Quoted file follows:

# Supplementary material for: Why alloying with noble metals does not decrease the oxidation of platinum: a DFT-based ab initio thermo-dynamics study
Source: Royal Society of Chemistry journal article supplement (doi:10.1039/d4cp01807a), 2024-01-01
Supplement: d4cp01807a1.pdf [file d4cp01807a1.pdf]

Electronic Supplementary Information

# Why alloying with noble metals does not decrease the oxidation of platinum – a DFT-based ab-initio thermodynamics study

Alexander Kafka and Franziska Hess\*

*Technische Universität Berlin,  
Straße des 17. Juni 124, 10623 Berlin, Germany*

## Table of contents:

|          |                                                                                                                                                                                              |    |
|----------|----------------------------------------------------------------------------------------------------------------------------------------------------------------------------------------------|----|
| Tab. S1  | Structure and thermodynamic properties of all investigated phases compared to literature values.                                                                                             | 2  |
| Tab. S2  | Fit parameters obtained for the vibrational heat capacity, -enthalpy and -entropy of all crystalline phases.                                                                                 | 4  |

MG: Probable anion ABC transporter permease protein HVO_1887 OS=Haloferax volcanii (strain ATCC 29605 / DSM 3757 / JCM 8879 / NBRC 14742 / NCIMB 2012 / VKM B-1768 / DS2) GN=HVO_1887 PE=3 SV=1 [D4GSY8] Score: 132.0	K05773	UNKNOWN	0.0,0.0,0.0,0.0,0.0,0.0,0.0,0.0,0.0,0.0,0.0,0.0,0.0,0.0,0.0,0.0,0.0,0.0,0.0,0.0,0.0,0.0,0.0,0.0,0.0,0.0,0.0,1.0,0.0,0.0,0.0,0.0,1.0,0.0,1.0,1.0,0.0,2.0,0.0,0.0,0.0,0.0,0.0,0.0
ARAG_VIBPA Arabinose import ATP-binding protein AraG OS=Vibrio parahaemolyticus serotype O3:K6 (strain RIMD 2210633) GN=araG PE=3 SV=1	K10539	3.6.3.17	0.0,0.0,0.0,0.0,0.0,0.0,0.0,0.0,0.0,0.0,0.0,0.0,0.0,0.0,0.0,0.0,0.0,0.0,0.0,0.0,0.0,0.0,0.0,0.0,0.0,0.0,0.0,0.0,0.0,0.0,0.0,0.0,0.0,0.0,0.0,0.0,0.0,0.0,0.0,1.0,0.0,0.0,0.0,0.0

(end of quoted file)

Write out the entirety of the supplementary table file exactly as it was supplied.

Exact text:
# Supplementary material for: Why alloying with noble metals does not decrease the oxidation of platinum: a DFT-based ab initio thermo-dynamics study
Source: Royal Society of Chemistry journal article supplement (doi:10.1039/d4cp01807a), 2024-01-01
Supplement: d4cp01807a1.pdf [file d4cp01807a1.pdf]

Electronic Supplementary Information

# Why alloying with noble metals does not decrease the oxidation of platinum – a DFT-based ab-initio thermodynamics study

Alexander Kafka and Franziska Hess\*

*Technische Universität Berlin,  
Straße des 17. Juni 124, 10623 Berlin, Germany*

## Table of contents:

|          |                                                                                                                                                                                              |    |
|----------|----------------------------------------------------------------------------------------------------------------------------------------------------------------------------------------------|----|
| Tab. S1  | Structure and thermodynamic properties of all investigated phases compared to literature values.                                                                                             | 2  |
| Tab. S2  | Fit parameters obtained for the vibrational heat capacity, -enthalpy and -entropy of all crystalline phases.                                                                                 | 4  |

MG: Probable anion ABC transporter permease protein HVO_1887 OS=Haloferax volcanii (strain ATCC 29605 / DSM 3757 / JCM 8879 / NBRC 14742 / NCIMB 2012 / VKM B-1768 / DS2) GN=HVO_1887 PE=3 SV=1 [D4GSY8] Score: 132.0	K05773	UNKNOWN	0.0,0.0,0.0,0.0,0.0,0.0,0.0,0.0,0.0,0.0,0.0,0.0,0.0,0.0,0.0,0.0,0.0,0.0,0.0,0.0,0.0,0.0,0.0,0.0,0.0,0.0,0.0,1.0,0.0,0.0,0.0,0.0,1.0,0.0,1.0,1.0,0.0,2.0,0.0,0.0,0.0,0.0,0.0,0.0
ARAG_VIBPA Arabinose import ATP-binding protein AraG OS=Vibrio parahaemolyticus serotype O3:K6 (strain RIMD 2210633) GN=araG PE=3 SV=1	K10539	3.6.3.17	0.0,0.0,0.0,0.0,0.0,0.0,0.0,0.0,0.0,0.0,0.0,0.0,0.0,0.0,0.0,0.0,0.0,0.0,0.0,0.0,0.0,0.0,0.0,0.0,0.0,0.0,0.0,0.0,0.0,0.0,0.0,0.0,0.0,0.0,0.0,0.0,0.0,0.0,0.0,1.0,0.0,0.0,0.0,0.0